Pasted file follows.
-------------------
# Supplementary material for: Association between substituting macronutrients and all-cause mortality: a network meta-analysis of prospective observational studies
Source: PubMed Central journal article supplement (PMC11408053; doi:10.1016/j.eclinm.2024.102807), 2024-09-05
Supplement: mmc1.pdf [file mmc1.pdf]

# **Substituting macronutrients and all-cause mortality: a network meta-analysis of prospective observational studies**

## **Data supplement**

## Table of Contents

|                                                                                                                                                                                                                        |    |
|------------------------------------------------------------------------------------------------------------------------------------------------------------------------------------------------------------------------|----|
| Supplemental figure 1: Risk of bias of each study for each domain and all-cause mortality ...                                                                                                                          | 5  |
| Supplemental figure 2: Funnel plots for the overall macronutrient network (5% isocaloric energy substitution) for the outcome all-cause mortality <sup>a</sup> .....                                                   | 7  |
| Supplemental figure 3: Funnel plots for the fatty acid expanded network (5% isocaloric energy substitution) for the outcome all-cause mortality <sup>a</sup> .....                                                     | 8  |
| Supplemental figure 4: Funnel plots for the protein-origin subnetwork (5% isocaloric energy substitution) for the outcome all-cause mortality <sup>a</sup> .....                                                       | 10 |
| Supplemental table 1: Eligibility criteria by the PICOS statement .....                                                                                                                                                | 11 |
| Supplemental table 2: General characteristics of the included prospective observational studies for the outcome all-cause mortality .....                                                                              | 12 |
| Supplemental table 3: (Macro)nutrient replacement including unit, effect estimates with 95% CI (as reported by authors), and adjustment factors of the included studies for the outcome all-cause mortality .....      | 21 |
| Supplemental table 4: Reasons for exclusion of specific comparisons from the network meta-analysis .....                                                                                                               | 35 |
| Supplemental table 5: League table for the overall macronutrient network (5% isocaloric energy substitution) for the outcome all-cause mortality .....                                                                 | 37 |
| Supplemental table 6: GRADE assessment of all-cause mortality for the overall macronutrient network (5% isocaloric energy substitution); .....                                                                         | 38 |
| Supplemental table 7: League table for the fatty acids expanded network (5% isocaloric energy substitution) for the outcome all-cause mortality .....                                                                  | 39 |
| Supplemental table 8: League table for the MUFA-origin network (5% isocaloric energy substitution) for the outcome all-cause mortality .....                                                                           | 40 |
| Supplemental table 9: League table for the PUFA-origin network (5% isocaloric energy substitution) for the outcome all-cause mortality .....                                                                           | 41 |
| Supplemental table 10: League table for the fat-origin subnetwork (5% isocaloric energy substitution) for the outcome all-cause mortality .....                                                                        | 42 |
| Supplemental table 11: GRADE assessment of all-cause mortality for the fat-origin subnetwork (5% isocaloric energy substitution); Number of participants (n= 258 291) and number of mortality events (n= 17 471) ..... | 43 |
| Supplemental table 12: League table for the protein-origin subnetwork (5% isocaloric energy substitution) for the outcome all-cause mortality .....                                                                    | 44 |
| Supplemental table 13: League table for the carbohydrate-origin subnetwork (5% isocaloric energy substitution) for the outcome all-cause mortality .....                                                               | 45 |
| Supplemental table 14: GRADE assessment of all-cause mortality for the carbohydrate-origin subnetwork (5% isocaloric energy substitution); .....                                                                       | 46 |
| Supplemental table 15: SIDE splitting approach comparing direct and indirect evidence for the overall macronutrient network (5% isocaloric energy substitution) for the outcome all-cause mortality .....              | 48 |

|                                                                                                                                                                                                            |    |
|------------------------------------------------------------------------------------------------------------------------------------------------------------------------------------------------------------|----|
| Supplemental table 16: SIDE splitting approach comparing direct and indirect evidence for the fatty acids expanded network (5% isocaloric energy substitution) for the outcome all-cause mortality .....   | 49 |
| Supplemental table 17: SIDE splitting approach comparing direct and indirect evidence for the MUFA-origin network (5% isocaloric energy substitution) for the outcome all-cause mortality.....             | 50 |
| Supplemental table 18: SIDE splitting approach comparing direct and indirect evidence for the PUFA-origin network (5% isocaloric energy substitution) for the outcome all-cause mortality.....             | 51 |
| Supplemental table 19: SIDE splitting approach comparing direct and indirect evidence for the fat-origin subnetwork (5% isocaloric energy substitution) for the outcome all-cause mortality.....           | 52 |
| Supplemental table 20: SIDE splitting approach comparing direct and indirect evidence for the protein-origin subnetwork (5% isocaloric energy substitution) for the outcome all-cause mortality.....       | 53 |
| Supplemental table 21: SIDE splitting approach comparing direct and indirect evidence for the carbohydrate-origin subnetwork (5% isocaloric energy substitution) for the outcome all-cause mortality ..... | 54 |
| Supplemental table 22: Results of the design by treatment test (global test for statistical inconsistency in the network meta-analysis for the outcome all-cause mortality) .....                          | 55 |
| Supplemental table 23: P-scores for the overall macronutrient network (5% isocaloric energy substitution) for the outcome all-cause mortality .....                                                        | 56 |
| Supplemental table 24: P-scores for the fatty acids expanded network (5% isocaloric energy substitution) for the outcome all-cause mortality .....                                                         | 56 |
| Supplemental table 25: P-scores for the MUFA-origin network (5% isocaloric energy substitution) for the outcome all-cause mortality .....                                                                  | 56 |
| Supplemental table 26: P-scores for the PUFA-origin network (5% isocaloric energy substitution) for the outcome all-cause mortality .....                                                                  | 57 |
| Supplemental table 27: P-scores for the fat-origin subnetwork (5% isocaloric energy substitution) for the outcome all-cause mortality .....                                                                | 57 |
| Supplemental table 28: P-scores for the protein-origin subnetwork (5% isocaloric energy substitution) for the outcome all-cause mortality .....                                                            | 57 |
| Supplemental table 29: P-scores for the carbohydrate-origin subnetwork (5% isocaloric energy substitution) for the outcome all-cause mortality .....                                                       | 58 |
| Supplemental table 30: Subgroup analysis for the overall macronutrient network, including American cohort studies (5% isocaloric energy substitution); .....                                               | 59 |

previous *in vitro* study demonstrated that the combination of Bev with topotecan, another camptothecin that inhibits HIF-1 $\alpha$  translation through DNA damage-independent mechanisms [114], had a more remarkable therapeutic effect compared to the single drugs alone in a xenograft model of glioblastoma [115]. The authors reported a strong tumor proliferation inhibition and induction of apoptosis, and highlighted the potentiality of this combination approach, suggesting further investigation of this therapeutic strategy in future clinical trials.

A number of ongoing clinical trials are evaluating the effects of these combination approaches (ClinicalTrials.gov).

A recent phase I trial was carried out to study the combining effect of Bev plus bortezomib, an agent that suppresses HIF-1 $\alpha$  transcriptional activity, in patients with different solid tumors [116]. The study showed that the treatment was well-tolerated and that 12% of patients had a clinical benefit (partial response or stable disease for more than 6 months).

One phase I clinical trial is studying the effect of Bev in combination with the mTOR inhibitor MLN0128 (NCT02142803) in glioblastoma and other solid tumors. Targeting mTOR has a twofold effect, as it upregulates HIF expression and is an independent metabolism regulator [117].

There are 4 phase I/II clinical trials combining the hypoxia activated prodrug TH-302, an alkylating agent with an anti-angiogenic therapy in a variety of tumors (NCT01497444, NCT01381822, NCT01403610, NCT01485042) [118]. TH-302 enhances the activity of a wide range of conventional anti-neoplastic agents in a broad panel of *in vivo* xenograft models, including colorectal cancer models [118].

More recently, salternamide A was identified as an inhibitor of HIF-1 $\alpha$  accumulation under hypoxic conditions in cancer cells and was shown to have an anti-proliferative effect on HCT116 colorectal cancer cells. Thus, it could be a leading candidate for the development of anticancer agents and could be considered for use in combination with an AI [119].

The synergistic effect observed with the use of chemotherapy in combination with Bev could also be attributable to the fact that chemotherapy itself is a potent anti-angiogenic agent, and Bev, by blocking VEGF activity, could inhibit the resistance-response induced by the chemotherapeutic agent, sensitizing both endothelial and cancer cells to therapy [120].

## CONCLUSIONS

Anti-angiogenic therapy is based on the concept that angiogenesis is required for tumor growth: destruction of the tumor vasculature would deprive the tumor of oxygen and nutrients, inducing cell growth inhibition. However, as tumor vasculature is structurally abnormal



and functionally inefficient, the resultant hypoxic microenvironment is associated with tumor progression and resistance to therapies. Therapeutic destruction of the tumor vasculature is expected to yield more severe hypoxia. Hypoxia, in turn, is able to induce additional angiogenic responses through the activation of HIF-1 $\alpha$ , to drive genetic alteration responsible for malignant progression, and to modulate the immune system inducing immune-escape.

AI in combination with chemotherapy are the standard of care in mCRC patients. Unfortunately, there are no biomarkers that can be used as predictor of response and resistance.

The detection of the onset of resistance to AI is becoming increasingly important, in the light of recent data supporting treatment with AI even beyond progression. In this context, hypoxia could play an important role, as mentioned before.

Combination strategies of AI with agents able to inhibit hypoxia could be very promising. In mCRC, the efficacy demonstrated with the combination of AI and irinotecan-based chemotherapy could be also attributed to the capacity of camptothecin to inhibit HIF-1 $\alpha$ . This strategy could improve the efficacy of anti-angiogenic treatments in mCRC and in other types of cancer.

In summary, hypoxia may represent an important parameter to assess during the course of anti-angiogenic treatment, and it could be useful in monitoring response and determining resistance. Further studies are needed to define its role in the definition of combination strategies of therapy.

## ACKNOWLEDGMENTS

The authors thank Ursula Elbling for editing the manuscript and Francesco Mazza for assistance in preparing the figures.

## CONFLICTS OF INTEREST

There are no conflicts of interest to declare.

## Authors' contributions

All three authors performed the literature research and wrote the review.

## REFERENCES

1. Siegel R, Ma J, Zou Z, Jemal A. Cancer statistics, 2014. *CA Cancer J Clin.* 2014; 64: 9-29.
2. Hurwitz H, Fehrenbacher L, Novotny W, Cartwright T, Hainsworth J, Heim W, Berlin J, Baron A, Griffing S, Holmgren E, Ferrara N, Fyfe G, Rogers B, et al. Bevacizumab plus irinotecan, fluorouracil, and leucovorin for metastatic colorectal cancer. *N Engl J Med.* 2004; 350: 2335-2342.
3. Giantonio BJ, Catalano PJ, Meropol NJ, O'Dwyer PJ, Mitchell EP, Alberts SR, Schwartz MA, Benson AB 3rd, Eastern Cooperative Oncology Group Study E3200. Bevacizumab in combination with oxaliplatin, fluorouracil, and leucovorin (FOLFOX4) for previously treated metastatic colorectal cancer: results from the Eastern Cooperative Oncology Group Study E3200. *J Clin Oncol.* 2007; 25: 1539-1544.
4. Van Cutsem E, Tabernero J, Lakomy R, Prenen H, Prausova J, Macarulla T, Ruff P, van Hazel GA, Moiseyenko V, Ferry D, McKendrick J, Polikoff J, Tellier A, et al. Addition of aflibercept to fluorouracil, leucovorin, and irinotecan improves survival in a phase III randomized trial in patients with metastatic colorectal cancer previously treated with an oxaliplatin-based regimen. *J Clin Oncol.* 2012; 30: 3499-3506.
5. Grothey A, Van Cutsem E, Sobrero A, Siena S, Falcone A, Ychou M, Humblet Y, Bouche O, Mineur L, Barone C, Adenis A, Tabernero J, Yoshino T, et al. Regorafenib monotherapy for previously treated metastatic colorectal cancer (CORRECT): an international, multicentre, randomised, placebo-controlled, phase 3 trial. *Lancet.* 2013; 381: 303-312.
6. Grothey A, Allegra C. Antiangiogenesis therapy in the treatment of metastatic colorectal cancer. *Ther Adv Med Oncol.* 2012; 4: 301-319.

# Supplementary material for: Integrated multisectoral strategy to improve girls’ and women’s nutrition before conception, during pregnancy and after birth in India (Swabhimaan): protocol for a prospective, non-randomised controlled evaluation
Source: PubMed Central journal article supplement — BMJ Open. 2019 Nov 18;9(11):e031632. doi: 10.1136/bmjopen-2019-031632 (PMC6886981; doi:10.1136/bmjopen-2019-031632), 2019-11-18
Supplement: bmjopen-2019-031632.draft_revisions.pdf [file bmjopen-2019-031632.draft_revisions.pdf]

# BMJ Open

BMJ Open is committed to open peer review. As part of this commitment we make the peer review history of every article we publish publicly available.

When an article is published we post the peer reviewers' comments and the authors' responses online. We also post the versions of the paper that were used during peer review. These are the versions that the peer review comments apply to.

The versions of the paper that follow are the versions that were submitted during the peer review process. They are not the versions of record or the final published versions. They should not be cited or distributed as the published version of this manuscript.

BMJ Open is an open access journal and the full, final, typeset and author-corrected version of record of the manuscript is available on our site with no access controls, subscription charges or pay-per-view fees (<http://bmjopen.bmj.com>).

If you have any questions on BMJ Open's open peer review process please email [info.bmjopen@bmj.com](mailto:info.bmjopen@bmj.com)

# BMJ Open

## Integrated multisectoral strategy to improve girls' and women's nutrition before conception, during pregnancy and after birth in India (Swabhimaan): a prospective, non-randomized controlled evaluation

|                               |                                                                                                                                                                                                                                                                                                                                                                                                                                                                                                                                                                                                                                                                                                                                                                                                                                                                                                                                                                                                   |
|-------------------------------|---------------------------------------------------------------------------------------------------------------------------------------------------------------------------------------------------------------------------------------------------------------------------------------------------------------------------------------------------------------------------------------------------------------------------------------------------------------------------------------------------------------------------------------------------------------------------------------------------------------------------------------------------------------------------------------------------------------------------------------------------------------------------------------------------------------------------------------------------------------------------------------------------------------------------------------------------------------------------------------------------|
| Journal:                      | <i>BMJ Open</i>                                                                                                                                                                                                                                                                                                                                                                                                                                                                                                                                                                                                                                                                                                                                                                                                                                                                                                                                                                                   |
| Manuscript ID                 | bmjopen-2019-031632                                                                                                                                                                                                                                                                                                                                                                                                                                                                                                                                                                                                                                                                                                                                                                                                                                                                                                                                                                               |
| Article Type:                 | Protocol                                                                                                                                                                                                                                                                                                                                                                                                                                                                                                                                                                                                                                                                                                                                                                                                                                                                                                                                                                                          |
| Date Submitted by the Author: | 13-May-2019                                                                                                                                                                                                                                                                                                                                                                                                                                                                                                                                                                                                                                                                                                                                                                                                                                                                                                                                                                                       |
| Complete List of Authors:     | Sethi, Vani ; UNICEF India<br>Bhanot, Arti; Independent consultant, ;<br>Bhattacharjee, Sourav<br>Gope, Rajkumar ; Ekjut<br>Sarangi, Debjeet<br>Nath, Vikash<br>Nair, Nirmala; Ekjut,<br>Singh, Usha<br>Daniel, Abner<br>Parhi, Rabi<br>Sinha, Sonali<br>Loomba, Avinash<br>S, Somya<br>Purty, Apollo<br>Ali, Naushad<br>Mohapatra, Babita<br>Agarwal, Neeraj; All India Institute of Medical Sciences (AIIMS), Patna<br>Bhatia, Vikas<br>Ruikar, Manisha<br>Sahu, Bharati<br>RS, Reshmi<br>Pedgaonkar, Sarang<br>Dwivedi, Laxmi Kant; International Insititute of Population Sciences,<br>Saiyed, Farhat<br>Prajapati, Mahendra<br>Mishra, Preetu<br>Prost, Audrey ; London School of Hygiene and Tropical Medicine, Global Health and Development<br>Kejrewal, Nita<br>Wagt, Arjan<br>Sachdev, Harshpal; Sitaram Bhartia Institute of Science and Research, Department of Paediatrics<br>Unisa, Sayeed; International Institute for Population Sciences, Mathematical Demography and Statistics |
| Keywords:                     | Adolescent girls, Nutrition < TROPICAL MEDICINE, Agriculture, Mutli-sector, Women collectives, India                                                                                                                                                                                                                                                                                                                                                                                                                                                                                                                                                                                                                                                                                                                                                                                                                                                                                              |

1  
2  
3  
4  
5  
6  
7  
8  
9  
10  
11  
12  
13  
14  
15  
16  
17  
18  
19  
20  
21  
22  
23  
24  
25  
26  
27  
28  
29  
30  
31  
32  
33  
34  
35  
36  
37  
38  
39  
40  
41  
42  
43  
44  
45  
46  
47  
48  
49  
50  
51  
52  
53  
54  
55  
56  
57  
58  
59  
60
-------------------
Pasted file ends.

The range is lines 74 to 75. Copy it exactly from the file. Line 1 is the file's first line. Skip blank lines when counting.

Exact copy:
Supplement: bmjopen-2019-031632.draft_revisions.pdf [file bmjopen-2019-031632.draft_revisions.pdf]

# BMJ Open